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Understanding Sickle Cell Disease
w/ Chris Wells, MSW
September is National Sickle Cell Awareness Month, a time during which the public is informed about this blood disorder. Statistics show that 1 in every 32 African Americans are born with the sickle cell trait and 1 in every 365 African Americans are born with sickle cell disease. AFIYA Magazine received the opportunity to sit down with Chris Wells, MSW, client program director of the Sickle Cell Foundation in Tallahassee, FL to learn more sickle disease and what resources are offered to the community regarding this disorder.
Sickle Cell Disease is hereditary disease and can not be transmitted from one person to another. “Sickle cell disease itself is a rare blood disorder called hemoglobinopathy which affects the red blood cells,” says Chris. “This causes some of them to have a sickle shape instead of a round shape and to die a lot quicker than normal shaped cells.” This early death of the cells and loss of oxygen is what causes most of the health issues. Some of the common symptoms of sickle cell disease are pain, organ failure, strokes, infections, eyesight problems, and a whole host of other issues. However, the most common thing is the pain that most people experience. “People with sickle cell disease will have pain episodes, also known as Sickle Cell Pain Crises,” says Chris. “When these episodes are severe, often times the person will be hospitalized or rushed to the ER to seek immediate assistance.” Those with the sickle cell trait, do not show symptoms in most cases, although there are those rare occurrences.
Individuals born after 1988 received a screening for sickle cell, along with other disorders, due to the Newborn Infant Screening Act which was put into place in Florida and several other states across the country. “Results of these screenings are sent to the parents of newborns with sickle cell disease so that they can be linked to the necessary resources and services they will need,” shares Chris. “Parents who have a child who only has the trait also receive a letter which explains that there are typically no symptoms associated with the trait.” Those who were born before 1988 and have questions about it can speak with their doctor about having a blood test done which whether or not the trait is present and what type of trait it is, if so.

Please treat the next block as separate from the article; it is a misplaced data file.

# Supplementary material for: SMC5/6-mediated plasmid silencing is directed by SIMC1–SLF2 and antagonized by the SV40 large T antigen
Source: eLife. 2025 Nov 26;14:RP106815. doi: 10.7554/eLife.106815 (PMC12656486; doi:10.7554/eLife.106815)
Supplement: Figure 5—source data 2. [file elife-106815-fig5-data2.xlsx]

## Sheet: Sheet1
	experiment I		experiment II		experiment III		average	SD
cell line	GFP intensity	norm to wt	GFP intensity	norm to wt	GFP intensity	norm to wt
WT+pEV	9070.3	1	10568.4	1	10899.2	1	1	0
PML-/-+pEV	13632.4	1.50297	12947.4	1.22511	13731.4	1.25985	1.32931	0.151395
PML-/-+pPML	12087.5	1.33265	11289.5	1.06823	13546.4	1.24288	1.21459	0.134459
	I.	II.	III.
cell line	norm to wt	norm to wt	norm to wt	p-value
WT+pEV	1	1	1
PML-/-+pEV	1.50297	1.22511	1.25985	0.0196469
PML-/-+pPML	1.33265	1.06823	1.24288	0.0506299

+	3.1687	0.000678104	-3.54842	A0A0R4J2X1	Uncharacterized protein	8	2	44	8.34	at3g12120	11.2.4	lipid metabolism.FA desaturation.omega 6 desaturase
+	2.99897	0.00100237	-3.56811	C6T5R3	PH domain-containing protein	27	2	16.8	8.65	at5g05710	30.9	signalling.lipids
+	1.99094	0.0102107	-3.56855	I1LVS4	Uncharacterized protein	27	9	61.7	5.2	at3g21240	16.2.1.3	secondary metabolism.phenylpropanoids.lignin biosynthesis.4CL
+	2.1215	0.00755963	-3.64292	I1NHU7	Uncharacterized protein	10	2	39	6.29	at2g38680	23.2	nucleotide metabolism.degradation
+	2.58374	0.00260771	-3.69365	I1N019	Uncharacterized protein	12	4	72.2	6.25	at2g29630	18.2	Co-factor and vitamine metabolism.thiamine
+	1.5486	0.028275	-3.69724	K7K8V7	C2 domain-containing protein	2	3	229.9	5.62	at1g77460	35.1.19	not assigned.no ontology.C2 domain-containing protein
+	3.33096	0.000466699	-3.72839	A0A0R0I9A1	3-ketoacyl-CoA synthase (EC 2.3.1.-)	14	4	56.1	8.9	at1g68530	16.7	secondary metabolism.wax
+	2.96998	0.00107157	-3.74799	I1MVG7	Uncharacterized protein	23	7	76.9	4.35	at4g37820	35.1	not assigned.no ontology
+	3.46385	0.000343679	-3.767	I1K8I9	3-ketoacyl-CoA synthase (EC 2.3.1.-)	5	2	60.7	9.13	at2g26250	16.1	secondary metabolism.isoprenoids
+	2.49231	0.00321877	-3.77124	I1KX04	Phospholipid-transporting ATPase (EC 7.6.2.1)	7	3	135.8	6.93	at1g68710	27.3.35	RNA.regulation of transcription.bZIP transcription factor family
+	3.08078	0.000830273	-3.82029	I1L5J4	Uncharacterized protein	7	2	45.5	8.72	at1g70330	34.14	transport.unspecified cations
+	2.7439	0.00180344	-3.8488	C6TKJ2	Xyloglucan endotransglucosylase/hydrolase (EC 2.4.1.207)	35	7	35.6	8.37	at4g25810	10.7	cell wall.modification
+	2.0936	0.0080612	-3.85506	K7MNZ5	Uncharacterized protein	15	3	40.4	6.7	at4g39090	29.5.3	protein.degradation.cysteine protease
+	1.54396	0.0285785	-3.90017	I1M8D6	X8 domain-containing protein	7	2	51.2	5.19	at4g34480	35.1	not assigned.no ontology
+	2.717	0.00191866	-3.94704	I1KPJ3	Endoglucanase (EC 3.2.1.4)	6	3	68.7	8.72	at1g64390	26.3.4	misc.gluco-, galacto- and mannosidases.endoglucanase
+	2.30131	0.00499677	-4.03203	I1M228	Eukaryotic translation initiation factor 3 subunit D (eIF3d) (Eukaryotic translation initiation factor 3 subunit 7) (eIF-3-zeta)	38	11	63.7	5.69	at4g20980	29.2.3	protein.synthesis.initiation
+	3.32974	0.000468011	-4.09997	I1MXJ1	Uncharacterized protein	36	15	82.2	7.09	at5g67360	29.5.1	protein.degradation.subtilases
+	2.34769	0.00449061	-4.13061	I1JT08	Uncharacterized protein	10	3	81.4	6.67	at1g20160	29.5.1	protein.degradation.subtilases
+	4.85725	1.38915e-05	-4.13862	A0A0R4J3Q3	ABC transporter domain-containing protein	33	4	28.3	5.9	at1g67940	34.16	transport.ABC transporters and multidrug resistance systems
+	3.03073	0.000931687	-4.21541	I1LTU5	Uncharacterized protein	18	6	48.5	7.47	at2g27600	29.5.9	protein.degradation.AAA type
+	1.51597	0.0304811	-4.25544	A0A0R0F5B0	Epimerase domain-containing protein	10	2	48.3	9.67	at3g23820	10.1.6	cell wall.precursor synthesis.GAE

Parents who are informed that their child has sickle cell disease should begin to seek a permanent form of medical attention, such as a hematologist that he/she sees regularly. Parents should also become educated on the disease, develop a good support system to assist with doctor appointments, and learn to find strength to help with the difficult times that may arise.
Learning how to cope with sickle cell disease on a day-to-day basis is an important part of the disease management process. Along with taking pain medication as needed, healthy living can be beneficial, and there are some key tips that could be helpful to those living with or caring for someone with sickle cell disease. Learning to manage stress and remain calm in tough situations is an important one. “Staying hydrated, eating a healthy diet and including a lot of leafy, green vegetables are all very good practices to have, as well,” Chris adds.
The Sickle Cell Foundation in Tallahassee, FL provides direct services to families and individuals in the area who are living with Sickle Cell Disease. Some of these services include limited financial assistance, support groups, one-on-one counseling, and anything else that the clients may need. Chris shares, “We also offer education and resources to the community through health fairs, presentations, service trainings, and whatever else we can do to spread the word about Sickle Cell Disease and how it affects our community at-large. The common misconception is that if you don’t have sickle cell disease, then it doesn’t affect you, but there are a lot of people who live silently with the disease are still a part of the community that we share so it’s something that we need to understand and be educated on”
Those who reside in Tallahassee, Florida can take part in upcoming events which the foundation is holding this September for National Sickle Cell Awareness Month. “We will be having our Annual 5K happening on Saturday September 12th,” Chris says. All registration fees and donations go directly to clients of the Sickle Cell Foundation to assist them with their financial needs. They will also be hosting a community breakfast and educational events to increase the awareness of sickle cell disease in the Tallahassee community.
For more information on the Sickle Cell Foundation of Tallahassee, FL and their upcoming events, visit www.sicklecellfoundation.org.
P.O. Box 5201
Tallahassee, FL 32301